Transgriot Note: My friend Joshua asked me to compose a statement for a workshop he's presenting on African-American transpeople at a local conference tomorrow. Here's what I wrote.
I’m Monica Roberts, and I am a forty-something African-American transwoman.
It took me a while to get to the point that I’m comfortable in saying that. I didn’t transition until my early thirties in 1993 and did so in the middle of an international airline terminal in which 30,000 passengers a day passed through it.
So what can I say about being a woman who had to work much harder than her genetic sisters to get there and what does it mean to be an African-American transwoman?
I’m deliriously happy to finally be on the correct side of the gender fence. While I consider it a gift from God to be able to experience life from both sides of the gender continuum, I love looking in the mirror and seeing a woman’s face and a woman’s body staring back at me in the mirror. I like having the peace of mind of knowing that my mind and body are in harmony with one another. If I have any regrets about transition they continue to be that I didn’t do this sooner.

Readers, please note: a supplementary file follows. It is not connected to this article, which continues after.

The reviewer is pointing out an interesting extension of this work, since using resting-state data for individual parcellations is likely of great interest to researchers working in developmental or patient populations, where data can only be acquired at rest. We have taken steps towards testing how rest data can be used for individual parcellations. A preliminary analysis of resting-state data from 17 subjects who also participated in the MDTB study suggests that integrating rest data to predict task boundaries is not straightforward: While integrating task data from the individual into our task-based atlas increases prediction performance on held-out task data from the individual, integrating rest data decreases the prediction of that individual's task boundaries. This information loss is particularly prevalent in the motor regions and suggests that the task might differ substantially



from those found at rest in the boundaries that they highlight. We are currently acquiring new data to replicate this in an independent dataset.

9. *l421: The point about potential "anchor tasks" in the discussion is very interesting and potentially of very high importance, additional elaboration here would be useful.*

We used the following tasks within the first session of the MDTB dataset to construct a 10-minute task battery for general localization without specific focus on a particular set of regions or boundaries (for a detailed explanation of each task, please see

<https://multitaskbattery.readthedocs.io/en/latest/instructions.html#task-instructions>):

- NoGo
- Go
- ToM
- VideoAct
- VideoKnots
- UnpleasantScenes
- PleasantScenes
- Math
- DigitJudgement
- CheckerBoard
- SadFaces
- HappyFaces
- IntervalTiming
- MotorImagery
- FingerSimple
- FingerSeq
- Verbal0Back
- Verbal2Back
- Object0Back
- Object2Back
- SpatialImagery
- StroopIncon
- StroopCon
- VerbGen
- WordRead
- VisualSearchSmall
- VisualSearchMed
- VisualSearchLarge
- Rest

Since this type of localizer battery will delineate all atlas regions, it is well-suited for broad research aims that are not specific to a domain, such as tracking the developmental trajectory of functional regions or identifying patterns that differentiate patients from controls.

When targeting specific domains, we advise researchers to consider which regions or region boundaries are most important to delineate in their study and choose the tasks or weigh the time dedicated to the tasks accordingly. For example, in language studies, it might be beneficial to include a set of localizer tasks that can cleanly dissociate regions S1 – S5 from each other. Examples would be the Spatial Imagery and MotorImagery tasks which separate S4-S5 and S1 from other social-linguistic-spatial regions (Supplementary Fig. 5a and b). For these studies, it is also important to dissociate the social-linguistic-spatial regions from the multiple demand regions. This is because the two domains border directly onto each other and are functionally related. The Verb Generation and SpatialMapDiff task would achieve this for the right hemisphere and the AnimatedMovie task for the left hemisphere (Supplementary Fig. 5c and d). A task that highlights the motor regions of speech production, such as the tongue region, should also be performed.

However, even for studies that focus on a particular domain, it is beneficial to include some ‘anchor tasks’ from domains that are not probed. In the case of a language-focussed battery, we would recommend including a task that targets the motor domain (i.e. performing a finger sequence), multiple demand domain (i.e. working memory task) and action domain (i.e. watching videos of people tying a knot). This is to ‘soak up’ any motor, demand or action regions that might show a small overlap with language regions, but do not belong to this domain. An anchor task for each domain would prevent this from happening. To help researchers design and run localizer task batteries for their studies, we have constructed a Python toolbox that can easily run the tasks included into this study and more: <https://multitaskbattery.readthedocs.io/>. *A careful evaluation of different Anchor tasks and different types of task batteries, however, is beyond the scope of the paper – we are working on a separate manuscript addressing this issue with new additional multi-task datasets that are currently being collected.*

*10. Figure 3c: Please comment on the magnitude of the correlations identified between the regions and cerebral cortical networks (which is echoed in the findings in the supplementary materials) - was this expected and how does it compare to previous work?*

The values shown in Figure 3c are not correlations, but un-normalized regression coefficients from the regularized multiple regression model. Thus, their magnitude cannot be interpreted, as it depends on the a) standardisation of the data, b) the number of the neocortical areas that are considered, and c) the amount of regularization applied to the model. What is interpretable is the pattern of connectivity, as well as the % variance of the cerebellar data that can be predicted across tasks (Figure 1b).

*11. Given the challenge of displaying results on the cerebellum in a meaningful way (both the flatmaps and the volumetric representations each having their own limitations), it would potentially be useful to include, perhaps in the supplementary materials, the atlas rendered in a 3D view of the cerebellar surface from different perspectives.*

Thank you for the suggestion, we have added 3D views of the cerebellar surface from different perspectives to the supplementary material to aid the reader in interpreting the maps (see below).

It’s still a challenge sometimes interacting with biowomen who don’t get it, don’t want to get it or don’t realize that I am their most powerful ally in helping them decipher the male ego. They also don’t realize how deeply I wish to bond with them, but I’m prayerfully trying to be patient with my sisters.
As far as my friendships go, the people I have in my life are either folks I’ve known before transition or have become part of it since then. I don’t have any doubts about their loyalty or love for me. It's a comforting feeling to know that.
So what does it mean to be an African-American transwoman? It’s not about finding a ‘husband’, looking or ‘trade’ or carrying yourself in less than anything but a ladylike manner but about growing spiritually and emotionally. It’s about being the best that I can be. It’s constant self-examination to ensure that I am living up to the charge that all African-American women have to keep in terms of uplifting our race. It’s about carrying yourself with class and dignity because I represent not only myself but also the entire African-American community.